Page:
What does the besieged Ukrainian nation most urgently need? Weapons? Humanitarian aid? International war crimes investigators? A performance of Rossini’s comic opera, The Barber of Seville? The answer is probably all of them – and opera isn’t the least necessary item on this list.
On Saturday, the kyiv Grand Opera reopened, after only the third significant hiatus in its history, with a production of Rossini’s opera buffa. Performances will be given on weekday afternoons, with the public retiring to the basement in the event of a bombardment.
The history of Ukrainian culture is one of struggle and challenge; its spirit embodied by the great national poet and champion of independence, Taras Shevchenko, after whom kyiv Opera is named. At the very beginning of the current conflict, music became a symbol of resistance. In Odessa, staff and performers gathered to surround the city’s neo-baroque opera house with tank traps and sandbags.
But the music continues. The morale-boosting properties of popular music are widely celebrated, but classical music strikes a different place in the heart, offering not only solace or a brief respite from fear and destruction, but the promise of a future in which the clamor of war will be quieted, while the harmonies remain.
The fragility and power of performing arts in times of conflict have a particular resonance: the midday concerts presented by Dame Myra Hess at the National Gallery during the Second World War; the desperate 1942 Leningrad premiere of Shostakovich’s 7th Symphony, given while the city was under siege, by starving musicians wrapped “like cabbages” in layers of clothing to keep them from shivering; the Haydn string trio played in 1993, still in a besieged city, by the Sarajevo String Quartet – reduced to three members after the death of their second violinist, Momir Vlacic. Interrupted by a bomb that fell so close that the viola player’s desk was knocked over, the trio’s leader, Dzevad Sabanagic, stopped, then raised his bow, and the music continued.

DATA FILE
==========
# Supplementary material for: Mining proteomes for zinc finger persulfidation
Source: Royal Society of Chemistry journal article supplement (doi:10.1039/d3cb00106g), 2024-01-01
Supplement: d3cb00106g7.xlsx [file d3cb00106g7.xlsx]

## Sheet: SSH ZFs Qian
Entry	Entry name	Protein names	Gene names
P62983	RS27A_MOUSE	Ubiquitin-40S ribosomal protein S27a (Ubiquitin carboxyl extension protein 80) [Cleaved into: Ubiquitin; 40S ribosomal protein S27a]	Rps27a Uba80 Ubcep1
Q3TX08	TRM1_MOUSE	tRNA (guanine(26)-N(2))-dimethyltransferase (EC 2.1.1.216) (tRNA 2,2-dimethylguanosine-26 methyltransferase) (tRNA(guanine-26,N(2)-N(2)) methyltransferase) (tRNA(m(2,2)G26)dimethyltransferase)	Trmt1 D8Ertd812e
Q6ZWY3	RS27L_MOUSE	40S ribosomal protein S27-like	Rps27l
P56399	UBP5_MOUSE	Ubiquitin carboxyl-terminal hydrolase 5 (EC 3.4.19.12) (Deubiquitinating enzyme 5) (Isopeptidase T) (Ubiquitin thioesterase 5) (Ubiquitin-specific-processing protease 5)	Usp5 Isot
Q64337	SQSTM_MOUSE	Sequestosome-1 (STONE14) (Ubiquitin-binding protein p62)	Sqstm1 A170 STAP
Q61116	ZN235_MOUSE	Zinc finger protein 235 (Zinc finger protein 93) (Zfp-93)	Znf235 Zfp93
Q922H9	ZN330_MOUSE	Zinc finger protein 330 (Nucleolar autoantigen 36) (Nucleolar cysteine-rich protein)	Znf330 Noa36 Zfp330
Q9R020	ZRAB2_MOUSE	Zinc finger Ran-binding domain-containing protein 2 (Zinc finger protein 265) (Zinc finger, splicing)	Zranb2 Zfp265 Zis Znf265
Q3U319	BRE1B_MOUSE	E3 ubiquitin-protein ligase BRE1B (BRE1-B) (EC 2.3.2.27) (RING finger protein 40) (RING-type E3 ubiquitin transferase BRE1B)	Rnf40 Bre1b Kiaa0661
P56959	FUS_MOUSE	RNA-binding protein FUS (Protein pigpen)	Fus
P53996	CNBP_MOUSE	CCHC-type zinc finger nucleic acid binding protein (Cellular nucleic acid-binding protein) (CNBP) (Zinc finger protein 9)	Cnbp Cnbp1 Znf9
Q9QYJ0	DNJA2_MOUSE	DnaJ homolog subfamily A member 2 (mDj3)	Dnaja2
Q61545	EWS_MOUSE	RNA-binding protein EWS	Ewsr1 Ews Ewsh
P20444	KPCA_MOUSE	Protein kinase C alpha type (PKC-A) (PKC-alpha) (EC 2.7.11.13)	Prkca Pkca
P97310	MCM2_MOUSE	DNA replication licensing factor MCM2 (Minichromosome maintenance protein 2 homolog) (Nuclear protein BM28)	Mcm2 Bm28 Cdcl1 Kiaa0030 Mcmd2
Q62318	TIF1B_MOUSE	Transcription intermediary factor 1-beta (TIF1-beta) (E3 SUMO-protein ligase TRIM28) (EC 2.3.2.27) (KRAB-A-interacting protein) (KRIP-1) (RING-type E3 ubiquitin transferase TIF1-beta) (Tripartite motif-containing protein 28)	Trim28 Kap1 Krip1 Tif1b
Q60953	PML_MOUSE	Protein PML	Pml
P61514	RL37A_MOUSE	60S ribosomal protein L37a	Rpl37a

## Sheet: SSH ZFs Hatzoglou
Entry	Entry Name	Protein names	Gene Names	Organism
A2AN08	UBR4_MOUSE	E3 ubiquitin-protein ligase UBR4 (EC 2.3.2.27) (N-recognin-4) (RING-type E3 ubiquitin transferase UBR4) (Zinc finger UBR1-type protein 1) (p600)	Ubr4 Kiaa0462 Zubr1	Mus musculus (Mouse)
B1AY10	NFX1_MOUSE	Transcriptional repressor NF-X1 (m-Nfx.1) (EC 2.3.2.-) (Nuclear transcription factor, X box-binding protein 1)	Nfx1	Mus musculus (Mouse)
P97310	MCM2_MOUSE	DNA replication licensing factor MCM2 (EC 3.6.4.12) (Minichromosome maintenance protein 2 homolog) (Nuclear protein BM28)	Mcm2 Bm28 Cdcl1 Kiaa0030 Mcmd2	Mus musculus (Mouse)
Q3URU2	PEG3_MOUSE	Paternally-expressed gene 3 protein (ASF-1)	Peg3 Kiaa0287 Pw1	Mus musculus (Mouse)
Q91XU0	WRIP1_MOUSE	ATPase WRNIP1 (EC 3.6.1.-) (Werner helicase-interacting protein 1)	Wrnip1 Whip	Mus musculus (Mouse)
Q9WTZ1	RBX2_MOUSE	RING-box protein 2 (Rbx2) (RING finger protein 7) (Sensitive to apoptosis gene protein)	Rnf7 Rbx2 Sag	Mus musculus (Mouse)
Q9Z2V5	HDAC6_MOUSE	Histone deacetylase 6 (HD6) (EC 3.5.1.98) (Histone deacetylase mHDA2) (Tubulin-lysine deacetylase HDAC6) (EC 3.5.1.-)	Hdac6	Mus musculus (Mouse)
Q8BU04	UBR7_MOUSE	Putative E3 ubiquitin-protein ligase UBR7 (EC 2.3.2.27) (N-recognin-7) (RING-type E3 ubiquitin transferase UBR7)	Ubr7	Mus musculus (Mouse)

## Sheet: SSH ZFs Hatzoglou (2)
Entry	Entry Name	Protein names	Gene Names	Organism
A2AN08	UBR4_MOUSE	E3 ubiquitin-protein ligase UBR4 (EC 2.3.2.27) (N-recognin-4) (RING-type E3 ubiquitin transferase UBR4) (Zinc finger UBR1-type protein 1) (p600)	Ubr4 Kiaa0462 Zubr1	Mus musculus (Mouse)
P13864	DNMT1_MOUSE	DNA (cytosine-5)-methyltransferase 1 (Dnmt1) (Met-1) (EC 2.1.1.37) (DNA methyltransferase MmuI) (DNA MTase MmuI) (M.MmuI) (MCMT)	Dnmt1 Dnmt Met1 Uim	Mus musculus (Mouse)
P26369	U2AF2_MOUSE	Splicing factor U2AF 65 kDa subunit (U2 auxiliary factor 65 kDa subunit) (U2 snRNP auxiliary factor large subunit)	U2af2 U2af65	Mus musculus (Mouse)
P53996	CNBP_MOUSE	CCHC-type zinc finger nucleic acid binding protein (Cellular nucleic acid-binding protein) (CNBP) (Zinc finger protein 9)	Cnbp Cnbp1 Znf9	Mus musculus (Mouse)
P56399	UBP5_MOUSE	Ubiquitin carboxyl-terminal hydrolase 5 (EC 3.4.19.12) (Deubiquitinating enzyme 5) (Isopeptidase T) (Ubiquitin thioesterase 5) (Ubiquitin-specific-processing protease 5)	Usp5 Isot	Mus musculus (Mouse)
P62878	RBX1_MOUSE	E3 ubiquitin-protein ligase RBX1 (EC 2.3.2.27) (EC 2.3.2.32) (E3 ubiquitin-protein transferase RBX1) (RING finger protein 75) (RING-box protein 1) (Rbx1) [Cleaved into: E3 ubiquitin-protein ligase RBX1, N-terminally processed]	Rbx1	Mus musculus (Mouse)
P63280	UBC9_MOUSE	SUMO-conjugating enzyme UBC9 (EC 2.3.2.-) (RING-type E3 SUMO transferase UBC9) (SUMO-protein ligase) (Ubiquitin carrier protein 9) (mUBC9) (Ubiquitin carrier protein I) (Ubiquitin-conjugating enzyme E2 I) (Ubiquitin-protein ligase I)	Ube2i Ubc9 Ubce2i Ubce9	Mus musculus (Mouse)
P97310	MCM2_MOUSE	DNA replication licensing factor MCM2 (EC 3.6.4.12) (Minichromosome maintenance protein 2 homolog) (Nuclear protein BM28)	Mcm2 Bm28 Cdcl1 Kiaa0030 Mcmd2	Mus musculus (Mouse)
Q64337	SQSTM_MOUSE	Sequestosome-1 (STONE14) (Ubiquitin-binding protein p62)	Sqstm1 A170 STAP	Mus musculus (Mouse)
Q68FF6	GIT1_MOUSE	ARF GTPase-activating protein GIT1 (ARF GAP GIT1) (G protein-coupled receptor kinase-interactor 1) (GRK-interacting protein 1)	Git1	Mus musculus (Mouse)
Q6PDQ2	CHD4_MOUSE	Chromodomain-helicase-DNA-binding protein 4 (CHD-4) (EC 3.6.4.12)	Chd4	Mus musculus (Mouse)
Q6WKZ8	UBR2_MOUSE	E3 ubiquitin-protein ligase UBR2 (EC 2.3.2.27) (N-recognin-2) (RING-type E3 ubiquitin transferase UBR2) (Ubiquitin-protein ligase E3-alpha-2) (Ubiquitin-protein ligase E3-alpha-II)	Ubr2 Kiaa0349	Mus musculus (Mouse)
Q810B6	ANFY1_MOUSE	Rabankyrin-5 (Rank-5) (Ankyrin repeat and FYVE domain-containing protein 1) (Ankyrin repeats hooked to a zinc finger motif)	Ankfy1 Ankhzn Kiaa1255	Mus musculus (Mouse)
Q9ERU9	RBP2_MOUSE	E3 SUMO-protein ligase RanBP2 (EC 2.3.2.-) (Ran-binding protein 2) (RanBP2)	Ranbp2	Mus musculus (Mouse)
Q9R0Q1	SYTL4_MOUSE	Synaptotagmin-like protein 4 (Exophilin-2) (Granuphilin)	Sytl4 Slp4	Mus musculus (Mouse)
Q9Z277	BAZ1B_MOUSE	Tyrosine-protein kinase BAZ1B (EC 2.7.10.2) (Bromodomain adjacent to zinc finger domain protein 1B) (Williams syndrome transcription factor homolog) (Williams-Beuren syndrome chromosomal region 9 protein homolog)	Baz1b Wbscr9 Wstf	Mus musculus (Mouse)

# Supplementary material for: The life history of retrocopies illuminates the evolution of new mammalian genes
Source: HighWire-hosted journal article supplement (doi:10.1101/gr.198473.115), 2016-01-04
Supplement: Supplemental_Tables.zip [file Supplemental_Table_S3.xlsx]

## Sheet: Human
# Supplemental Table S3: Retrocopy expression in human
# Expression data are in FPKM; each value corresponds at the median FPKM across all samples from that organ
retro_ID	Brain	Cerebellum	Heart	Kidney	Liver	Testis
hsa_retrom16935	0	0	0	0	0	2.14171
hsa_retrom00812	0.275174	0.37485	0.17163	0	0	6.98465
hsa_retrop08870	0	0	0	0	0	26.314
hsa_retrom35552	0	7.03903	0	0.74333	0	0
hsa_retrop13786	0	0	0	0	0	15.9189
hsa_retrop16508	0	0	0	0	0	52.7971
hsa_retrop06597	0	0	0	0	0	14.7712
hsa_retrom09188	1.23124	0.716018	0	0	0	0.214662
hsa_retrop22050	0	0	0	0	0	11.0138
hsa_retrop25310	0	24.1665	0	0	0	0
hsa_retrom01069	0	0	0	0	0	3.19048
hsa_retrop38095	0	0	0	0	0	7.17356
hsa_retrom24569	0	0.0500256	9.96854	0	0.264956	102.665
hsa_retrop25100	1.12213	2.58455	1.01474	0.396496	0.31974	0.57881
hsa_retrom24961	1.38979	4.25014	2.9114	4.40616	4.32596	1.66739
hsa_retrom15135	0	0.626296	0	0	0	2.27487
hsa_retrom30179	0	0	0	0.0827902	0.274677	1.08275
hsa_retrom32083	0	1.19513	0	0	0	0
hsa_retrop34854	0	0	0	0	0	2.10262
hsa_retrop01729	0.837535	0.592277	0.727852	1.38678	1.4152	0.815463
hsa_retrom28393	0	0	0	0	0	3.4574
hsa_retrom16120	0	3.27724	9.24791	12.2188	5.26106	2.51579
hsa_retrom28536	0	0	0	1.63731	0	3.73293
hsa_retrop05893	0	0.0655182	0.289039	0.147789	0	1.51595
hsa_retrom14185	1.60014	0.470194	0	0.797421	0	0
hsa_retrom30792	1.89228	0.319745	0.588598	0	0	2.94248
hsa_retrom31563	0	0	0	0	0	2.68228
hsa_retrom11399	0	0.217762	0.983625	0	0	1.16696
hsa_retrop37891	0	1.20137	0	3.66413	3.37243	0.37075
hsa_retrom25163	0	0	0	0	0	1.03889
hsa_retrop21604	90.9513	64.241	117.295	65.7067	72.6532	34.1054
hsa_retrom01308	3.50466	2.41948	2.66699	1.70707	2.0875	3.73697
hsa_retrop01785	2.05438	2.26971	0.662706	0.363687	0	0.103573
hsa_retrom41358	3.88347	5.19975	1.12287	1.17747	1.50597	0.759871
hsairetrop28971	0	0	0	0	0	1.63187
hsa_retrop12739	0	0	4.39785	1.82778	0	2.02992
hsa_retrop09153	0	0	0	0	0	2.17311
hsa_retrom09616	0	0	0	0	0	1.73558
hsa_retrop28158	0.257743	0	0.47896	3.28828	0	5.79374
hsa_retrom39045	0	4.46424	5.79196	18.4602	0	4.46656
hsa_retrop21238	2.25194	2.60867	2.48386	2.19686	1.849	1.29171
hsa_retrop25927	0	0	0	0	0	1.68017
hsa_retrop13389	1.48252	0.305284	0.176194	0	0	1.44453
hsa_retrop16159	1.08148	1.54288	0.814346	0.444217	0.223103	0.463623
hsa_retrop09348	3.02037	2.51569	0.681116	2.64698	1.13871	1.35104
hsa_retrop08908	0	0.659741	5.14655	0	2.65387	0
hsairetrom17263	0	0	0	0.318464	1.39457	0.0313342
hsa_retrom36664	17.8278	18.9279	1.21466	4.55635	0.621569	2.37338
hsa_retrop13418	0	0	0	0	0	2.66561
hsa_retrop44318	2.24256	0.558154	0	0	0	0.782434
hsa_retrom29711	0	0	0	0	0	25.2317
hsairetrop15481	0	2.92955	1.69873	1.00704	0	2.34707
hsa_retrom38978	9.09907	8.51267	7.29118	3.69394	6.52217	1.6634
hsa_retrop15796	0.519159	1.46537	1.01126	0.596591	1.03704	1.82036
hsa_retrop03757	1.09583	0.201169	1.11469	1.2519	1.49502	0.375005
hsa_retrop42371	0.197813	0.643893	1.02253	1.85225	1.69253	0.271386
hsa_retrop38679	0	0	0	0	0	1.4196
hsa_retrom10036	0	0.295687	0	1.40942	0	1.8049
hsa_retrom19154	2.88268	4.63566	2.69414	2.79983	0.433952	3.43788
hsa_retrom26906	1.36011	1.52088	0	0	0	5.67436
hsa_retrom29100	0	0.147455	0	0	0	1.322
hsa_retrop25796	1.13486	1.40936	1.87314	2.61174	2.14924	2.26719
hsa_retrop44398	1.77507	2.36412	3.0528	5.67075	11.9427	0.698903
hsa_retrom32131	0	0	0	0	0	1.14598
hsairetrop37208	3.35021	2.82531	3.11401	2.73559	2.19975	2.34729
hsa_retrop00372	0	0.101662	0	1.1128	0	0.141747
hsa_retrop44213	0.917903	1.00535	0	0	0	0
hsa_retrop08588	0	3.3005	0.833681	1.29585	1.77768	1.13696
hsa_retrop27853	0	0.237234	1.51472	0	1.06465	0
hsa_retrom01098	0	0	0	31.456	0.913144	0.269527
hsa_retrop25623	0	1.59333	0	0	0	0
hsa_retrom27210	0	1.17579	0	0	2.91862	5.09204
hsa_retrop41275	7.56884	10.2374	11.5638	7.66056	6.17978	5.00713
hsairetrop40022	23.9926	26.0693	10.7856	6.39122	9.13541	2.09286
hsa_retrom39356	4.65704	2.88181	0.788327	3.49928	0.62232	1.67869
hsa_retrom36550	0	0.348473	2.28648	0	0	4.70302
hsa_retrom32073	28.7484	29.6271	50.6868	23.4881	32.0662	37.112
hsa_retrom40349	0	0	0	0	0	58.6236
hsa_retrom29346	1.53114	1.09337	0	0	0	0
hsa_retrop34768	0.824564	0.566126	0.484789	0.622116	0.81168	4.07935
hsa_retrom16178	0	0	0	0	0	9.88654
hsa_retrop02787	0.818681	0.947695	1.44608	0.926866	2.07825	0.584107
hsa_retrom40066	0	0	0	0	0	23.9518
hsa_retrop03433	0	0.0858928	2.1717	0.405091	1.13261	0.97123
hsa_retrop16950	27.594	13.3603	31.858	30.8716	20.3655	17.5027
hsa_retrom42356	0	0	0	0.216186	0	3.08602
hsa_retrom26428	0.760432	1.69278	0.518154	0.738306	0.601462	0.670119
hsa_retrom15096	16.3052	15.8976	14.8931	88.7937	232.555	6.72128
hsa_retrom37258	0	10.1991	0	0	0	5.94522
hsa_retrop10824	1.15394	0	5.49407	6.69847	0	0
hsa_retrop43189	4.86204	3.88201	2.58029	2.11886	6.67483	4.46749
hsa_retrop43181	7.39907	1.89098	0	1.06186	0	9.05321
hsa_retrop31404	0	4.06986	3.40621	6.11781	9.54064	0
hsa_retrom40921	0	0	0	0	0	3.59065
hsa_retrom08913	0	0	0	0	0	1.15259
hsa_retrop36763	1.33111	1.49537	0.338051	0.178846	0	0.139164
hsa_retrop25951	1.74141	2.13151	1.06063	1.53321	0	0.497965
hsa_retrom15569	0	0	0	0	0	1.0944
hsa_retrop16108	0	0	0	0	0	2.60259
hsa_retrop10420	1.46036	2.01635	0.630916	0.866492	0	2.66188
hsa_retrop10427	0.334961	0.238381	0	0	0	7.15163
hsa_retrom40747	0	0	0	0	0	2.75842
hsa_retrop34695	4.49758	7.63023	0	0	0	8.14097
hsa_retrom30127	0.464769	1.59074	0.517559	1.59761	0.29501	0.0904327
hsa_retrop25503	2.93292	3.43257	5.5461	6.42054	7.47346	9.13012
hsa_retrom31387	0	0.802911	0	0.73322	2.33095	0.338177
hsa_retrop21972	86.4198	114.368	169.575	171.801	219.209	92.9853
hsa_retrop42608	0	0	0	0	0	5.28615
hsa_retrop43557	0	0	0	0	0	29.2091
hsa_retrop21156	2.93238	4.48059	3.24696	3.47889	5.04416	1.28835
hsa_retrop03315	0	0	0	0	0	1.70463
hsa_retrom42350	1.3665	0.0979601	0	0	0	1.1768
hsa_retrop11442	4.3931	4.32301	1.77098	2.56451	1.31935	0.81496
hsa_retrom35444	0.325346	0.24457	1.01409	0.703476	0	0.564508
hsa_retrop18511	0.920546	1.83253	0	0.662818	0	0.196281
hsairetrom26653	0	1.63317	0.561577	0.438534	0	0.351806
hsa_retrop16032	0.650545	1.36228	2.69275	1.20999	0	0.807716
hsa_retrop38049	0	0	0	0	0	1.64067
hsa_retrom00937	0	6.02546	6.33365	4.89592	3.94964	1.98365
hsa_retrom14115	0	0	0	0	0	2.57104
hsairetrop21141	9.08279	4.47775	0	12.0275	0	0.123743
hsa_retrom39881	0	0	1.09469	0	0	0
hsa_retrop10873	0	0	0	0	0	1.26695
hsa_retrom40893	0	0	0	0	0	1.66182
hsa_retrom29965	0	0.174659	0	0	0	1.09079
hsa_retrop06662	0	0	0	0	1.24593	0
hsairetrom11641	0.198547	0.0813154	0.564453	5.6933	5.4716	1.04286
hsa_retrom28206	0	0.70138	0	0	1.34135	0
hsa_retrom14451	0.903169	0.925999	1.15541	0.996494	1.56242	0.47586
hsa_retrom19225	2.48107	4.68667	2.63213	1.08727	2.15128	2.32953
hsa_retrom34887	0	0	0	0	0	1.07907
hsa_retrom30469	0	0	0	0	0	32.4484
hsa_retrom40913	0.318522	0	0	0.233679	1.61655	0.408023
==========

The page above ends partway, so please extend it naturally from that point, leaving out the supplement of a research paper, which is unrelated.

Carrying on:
In kyiv too, the opening begins. Rosina, Bartolo, Figaro and Count Almaviva sing their sublime tangle of amorous confusions, proving once again that, as journalist and author Ed Vulliamy writes in his memoir on music and conflict, When Words Fail, “the many devastations caused by war do not turn off the music”.
Talk to plants
In 1988, Prince Charles’ admission, “I speak with pleasure to plants and trees and I listen to them”, was widely derided. But in 2009, RHS research proved he was always right. Ten tomato plants were read from excerpts from The Day of the Triffids, A Midsummer Night’s Dream and Darwin’s On the Origin of Species. The tomato apostrophized by Darwin’s great-granddaughter Sarah was the winner, beating the top man-fed runner-up by two decisive thumbs.
It’s not just plants that benefit from a herbaceous one-on-one: Rebecca Pow, Minister for the Department for Environment, Food and Rural Affairs, said talking to plants about its garden had helped her to overcome her grief after the death of her husband. recent death. So, as the Chelsea Flower Show gets underway, what better time than to find some foliage and chat?